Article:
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Florida Medicaid: Survey of Patients, HMO Wellcare Abuse

Increased Medicaid fraud by HMOs

The Florida Medicaid reform has created many problems, including increased instances of fraud, denial of care and treatment, increased insurance costs and a decrease in the quality of care. There have been many companies that have been fined for fraudulent behavior.
Read Part 1: Florida Medicaid: Expanding Privatization
Read Part 2: Florida Medicaid: Private Insurance Companies

University of Florida Patient Satisfaction Report

There have been a number of researchers who have contended that the problems with the test program have been blown out of proportion. A study at the University of Florida was paid for by the state and found that the reforms were actually saving money, though it was hard to say exactly how much. Paul Duncan, the lead University of Florida researcher, said that relying on information from doctor surveys can be misleading. He stated, "Doctors weren't happy with the old Florida Medicaid system. It's hard to imagine how they were going to suddenly get more happy."
Duncan's satisfaction surveys of patients reported that 68 percent of the test counties rated satisfaction levels between 9 and 10 on a 10 point scale. He also states, "Generally speaking, they were happy before the demonstration and they stayed pretty happy after the demonstration on average, and you have to emphasize on average. There is no doubt individual patients are mad as hell."

Patient Satisfaction Drops Drastically in Second Year of Florida Medicaid Reform

In the second year of the Florida Medicaid reform, that same patient satisfaction rate dropped drastically. The state Office of Program Policy Analysis and Government Accountability (OPPAGA) made not much of the contradictions in University of Florida's patients data regarding satisfaction. The Office concluded that there was not enough data to reflect what the cost savings have been, so there is no way to justify the expansion of Florida Medicaid reform without concrete data.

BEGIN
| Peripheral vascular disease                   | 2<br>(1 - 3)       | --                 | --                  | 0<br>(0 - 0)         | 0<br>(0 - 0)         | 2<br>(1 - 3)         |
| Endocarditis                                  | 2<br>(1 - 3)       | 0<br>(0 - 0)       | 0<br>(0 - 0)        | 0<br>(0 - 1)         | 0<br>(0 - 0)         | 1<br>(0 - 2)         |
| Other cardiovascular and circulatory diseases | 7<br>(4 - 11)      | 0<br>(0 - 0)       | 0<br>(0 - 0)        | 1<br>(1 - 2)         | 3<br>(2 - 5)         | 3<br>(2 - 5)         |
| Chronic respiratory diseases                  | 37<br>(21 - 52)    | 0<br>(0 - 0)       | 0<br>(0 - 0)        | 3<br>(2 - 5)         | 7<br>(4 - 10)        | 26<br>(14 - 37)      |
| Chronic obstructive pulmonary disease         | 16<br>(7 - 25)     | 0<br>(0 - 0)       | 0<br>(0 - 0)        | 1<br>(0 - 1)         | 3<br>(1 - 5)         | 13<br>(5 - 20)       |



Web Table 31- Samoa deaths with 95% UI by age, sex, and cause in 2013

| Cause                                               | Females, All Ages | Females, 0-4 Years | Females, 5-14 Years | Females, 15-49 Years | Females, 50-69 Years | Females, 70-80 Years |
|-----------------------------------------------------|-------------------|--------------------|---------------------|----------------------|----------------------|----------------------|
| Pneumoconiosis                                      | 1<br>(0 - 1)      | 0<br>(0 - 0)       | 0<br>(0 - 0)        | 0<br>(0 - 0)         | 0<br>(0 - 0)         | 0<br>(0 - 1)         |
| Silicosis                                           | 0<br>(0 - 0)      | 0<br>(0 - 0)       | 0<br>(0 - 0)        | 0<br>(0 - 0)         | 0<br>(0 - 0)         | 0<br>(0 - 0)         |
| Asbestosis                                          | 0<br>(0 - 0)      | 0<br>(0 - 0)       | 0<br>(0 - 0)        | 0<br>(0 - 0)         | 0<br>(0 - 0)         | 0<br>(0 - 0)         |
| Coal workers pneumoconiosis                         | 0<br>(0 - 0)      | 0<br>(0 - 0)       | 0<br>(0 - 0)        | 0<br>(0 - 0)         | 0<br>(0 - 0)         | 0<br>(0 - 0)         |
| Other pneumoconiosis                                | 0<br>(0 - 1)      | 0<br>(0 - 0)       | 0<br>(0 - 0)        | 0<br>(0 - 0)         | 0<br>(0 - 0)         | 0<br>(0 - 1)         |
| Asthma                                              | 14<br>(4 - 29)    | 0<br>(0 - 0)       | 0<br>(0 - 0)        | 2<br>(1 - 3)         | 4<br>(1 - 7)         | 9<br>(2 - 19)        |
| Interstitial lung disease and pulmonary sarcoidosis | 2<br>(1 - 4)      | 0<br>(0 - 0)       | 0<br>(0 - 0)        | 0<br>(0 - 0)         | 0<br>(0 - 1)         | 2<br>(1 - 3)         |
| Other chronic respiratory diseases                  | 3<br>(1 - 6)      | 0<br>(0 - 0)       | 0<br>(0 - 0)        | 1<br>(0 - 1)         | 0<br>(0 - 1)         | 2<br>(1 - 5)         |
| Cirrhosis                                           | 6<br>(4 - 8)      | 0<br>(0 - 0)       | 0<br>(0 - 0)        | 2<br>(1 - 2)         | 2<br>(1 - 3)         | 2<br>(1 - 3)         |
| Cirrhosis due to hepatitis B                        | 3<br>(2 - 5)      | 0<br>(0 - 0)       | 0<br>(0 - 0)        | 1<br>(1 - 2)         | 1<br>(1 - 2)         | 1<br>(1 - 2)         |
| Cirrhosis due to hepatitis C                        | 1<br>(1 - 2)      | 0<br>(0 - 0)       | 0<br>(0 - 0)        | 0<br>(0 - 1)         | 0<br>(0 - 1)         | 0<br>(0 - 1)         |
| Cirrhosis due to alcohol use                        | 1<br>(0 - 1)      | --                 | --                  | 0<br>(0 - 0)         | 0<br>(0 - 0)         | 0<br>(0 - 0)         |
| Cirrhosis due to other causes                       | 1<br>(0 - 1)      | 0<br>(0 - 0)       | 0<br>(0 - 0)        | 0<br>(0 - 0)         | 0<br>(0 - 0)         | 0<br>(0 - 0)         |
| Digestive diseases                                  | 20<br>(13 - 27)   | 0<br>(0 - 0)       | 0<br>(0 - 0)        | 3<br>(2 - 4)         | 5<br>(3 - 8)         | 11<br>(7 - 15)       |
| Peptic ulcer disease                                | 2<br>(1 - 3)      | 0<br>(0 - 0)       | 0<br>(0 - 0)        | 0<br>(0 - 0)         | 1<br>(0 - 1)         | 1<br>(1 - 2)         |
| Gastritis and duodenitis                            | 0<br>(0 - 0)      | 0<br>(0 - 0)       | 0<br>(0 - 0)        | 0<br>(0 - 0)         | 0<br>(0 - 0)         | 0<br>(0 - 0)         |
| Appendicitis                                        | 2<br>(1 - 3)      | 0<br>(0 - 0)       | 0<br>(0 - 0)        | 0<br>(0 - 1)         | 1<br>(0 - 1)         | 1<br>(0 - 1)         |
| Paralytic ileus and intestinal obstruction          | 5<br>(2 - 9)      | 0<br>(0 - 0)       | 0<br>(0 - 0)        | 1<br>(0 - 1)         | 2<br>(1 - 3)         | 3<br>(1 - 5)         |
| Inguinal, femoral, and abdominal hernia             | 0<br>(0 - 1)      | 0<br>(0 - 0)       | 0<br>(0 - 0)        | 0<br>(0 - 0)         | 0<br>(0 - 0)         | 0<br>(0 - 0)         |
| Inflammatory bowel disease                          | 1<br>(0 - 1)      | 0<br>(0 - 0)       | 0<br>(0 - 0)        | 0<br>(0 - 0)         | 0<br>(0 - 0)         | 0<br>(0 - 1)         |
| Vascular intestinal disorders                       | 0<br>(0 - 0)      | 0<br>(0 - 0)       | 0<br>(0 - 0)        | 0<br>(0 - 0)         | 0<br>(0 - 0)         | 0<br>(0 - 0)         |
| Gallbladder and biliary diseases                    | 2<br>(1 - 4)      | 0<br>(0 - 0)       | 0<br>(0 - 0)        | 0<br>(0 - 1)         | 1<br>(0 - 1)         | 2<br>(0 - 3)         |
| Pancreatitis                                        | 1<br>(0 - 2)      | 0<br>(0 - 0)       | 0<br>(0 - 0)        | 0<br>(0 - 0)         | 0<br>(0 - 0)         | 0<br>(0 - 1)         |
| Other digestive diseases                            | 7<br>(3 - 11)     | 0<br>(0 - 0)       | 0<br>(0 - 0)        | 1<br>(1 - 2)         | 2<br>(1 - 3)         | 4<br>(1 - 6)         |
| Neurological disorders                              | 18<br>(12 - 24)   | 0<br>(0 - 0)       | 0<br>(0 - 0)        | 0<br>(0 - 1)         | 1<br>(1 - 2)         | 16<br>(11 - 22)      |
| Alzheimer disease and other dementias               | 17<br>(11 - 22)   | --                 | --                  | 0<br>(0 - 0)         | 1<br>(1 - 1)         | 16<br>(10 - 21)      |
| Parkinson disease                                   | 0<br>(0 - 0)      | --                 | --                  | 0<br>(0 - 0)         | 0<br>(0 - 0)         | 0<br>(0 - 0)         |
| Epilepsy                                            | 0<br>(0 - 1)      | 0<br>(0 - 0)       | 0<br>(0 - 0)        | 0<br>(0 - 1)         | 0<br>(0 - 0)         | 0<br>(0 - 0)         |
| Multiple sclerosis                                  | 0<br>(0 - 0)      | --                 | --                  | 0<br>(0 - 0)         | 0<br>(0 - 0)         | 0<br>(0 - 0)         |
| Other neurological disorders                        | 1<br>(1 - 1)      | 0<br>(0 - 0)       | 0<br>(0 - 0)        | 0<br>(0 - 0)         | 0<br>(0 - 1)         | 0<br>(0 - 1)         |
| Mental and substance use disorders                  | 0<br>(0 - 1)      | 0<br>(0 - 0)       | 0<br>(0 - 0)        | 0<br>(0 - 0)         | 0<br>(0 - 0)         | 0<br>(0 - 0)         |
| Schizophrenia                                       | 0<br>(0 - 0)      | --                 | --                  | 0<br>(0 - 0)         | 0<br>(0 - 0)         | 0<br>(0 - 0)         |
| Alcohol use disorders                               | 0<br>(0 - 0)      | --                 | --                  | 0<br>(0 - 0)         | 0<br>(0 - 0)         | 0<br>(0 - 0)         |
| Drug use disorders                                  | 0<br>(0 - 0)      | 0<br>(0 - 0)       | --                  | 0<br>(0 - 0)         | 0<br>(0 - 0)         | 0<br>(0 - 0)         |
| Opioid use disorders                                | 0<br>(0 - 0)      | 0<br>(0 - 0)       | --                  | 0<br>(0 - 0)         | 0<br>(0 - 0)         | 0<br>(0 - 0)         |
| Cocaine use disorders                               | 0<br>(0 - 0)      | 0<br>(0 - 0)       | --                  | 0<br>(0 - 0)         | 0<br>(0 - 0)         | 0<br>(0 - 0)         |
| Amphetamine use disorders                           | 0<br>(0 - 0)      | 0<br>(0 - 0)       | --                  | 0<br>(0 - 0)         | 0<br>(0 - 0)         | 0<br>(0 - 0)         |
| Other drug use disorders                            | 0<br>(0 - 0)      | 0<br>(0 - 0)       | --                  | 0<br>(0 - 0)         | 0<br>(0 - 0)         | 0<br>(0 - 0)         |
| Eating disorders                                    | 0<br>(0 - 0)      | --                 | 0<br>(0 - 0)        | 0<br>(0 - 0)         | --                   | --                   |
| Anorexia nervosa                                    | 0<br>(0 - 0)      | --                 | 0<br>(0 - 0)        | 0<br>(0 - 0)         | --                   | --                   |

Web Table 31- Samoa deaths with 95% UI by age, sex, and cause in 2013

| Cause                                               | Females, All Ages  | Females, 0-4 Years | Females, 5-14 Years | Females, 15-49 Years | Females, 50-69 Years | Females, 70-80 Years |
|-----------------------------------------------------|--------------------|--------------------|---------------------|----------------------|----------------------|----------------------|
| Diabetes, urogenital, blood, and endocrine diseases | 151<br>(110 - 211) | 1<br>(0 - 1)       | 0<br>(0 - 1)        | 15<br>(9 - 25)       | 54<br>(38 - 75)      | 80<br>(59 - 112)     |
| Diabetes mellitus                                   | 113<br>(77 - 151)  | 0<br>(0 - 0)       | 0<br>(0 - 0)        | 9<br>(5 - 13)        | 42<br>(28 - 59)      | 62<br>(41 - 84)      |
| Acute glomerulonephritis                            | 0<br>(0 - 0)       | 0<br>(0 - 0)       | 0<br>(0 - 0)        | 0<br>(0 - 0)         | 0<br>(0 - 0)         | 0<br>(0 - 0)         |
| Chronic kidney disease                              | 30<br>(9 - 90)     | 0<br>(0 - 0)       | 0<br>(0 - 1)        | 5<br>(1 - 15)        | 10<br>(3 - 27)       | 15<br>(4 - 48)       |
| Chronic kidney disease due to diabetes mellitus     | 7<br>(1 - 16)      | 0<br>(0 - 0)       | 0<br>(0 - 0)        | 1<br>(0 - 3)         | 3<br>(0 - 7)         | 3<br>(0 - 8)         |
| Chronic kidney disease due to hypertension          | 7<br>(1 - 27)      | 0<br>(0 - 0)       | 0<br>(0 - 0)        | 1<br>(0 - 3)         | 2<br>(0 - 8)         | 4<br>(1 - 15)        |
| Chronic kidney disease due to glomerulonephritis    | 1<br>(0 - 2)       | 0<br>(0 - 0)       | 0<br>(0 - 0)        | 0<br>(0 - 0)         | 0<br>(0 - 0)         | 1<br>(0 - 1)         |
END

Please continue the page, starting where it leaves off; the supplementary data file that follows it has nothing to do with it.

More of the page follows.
Even if there are proven cost savings, advocates for patients claim that the patients could be having severe health implications for Florida Medicaid recipients who were possibly denied vital treatments.

HMO Wellcare Health Plans Charged with Federal Criminal Complaint

Based on information from documents in a recent federal criminal complaint against the largest HMO in the state, abuse of the Florida Medicaid program was astounding. The HMO was Wellcare Health Plans, Inc. based in Tampa. In 2007, Wellcare was raided by the FBI and the company eventually admitted to being involved in a series of schemes.
There were documents that showed Wellcare worked to end coverage for sick people and as a result, the company saved $20,000 for every one of the 425 prematurely delivered babies that were dropped from their plan. They also received $11,500 for each patient that has a terminal illness. Employees were removing certain patients from coverage because they cost too much money. When the goal was reached, Wellcare hosted a celebratory dinner. The company also tried to get more than the 20 percent it was entitled to from the amount the state was paying for each patient. Wellcare did not inform the state that there was $23.6 million in overpayments and they tried to keep the difference.
Wellcare finally paid the state an amount of $80 million in order to settle the criminal complaint. An additional $137.5 million settlement is pending with the federal government. Aside from Wellcare, there have been other companies that have been fined by the Agency for Health Care Administration. These fines were due to denying care to those receiving Florida Medicaid. There was an instance of more than 1,000 children being denied speech therapy.

HMOs and Medicaid Fraud

Michael Garner, a representative for multiple HMOs in Florida declined to talk about any individual companies. He did defend the track record of the HMOs and compared it to records of health care providers overall. Garner argued that the HMOs only constitute a small portion of Medicaid fraud in Florida and stated, "You have to step back and give equal coverage to how many violations are there by hospitals, by physicians, by dentists, by pharmaceutical companies and medical device companies."
Garner also stated that managed care can save money and despite the learning curves and growing pains of the test program, Florida Medicaid reform is a positive thing. He said, "We see dramatic cost differences and it's consistent; we see it each time."
The argument from residents of Florida is that these savings will come at a human cost. Rosenstock made a final statement, asking, "Do any of these legislators have handicapped or sick or needy people in their lives? Do they even care?"
by Dave Henderson (Medicaid Consultant: Sarasota, FL)
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